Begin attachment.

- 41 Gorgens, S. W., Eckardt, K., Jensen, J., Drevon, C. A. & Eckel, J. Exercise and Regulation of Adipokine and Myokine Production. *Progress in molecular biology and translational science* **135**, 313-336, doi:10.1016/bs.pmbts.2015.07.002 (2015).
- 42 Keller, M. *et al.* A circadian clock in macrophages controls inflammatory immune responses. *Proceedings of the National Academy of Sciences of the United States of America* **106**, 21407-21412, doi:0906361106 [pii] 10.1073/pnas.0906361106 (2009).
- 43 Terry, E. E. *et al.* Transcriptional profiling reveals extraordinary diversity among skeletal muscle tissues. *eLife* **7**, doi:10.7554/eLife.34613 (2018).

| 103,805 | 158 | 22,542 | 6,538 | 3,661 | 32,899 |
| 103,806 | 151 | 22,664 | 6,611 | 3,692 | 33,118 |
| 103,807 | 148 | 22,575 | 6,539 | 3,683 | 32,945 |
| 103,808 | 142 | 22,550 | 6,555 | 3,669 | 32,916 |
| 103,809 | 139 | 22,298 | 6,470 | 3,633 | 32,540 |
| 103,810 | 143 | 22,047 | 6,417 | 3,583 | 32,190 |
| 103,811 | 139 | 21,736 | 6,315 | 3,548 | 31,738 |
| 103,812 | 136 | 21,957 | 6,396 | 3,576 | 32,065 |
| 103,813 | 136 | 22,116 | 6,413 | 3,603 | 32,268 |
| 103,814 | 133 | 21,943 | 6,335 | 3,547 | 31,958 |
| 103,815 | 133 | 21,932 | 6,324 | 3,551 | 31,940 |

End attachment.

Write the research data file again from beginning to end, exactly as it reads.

- 41 Gorgens, S. W., Eckardt, K., Jensen, J., Drevon, C. A. & Eckel, J. Exercise and Regulation of Adipokine and Myokine Production. *Progress in molecular biology and translational science* **135**, 313-336, doi:10.1016/bs.pmbts.2015.07.002 (2015).
- 42 Keller, M. *et al.* A circadian clock in macrophages controls inflammatory immune responses. *Proceedings of the National Academy of Sciences of the United States of America* **106**, 21407-21412, doi:0906361106 [pii] 10.1073/pnas.0906361106 (2009).
- 43 Terry, E. E. *et al.* Transcriptional profiling reveals extraordinary diversity among skeletal muscle tissues. *eLife* **7**, doi:10.7554/eLife.34613 (2018).

| 103,805 | 158 | 22,542 | 6,538 | 3,661 | 32,899 |
| 103,806 | 151 | 22,664 | 6,611 | 3,692 | 33,118 |
| 103,807 | 148 | 22,575 | 6,539 | 3,683 | 32,945 |
| 103,808 | 142 | 22,550 | 6,555 | 3,669 | 32,916 |
| 103,809 | 139 | 22,298 | 6,470 | 3,633 | 32,540 |
| 103,810 | 143 | 22,047 | 6,417 | 3,583 | 32,190 |
| 103,811 | 139 | 21,736 | 6,315 | 3,548 | 31,738 |
| 103,812 | 136 | 21,957 | 6,396 | 3,576 | 32,065 |
| 103,813 | 136 | 22,116 | 6,413 | 3,603 | 32,268 |
| 103,814 | 133 | 21,943 | 6,335 | 3,547 | 31,958 |
| 103,815 | 133 | 21,932 | 6,324 | 3,551 | 31,940 |